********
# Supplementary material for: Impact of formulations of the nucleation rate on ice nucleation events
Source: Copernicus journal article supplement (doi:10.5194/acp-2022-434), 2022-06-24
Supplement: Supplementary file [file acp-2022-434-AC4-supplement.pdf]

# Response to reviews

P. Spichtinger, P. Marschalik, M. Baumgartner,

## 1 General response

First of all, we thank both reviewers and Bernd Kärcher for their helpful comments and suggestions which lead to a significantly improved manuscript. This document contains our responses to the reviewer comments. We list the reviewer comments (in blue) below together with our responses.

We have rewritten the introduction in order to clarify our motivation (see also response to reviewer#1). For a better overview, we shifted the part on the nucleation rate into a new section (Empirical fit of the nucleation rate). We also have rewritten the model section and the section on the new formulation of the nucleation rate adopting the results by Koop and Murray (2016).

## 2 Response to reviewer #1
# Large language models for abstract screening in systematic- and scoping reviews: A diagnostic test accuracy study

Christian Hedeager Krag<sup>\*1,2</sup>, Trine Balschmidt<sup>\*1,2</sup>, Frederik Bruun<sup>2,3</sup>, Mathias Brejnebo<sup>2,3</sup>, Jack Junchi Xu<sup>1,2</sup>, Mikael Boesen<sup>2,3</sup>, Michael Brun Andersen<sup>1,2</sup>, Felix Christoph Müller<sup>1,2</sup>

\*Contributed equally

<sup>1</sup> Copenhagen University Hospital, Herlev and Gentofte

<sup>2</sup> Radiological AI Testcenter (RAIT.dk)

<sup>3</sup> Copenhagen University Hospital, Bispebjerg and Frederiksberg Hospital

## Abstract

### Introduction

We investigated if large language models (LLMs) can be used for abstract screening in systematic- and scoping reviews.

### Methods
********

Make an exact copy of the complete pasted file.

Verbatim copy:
# Supplementary material for: Impact of formulations of the nucleation rate on ice nucleation events
Source: Copernicus journal article supplement (doi:10.5194/acp-2022-434), 2022-06-24
Supplement: Supplementary file [file acp-2022-434-AC4-supplement.pdf]

# Response to reviews

P. Spichtinger, P. Marschalik, M. Baumgartner,

## 1 General response

First of all, we thank both reviewers and Bernd Kärcher for their helpful comments and suggestions which lead to a significantly improved manuscript. This document contains our responses to the reviewer comments. We list the reviewer comments (in blue) below together with our responses.

We have rewritten the introduction in order to clarify our motivation (see also response to reviewer#1). For a better overview, we shifted the part on the nucleation rate into a new section (Empirical fit of the nucleation rate). We also have rewritten the model section and the section on the new formulation of the nucleation rate adopting the results by Koop and Murray (2016).

## 2 Response to reviewer #1
# Large language models for abstract screening in systematic- and scoping reviews: A diagnostic test accuracy study

Christian Hedeager Krag<sup>\*1,2</sup>, Trine Balschmidt<sup>\*1,2</sup>, Frederik Bruun<sup>2,3</sup>, Mathias Brejnebo<sup>2,3</sup>, Jack Junchi Xu<sup>1,2</sup>, Mikael Boesen<sup>2,3</sup>, Michael Brun Andersen<sup>1,2</sup>, Felix Christoph Müller<sup>1,2</sup>

\*Contributed equally

<sup>1</sup> Copenhagen University Hospital, Herlev and Gentofte

<sup>2</sup> Radiological AI Testcenter (RAIT.dk)

<sup>3</sup> Copenhagen University Hospital, Bispebjerg and Frederiksberg Hospital

## Abstract

### Introduction

We investigated if large language models (LLMs) can be used for abstract screening in systematic- and scoping reviews.

### Methods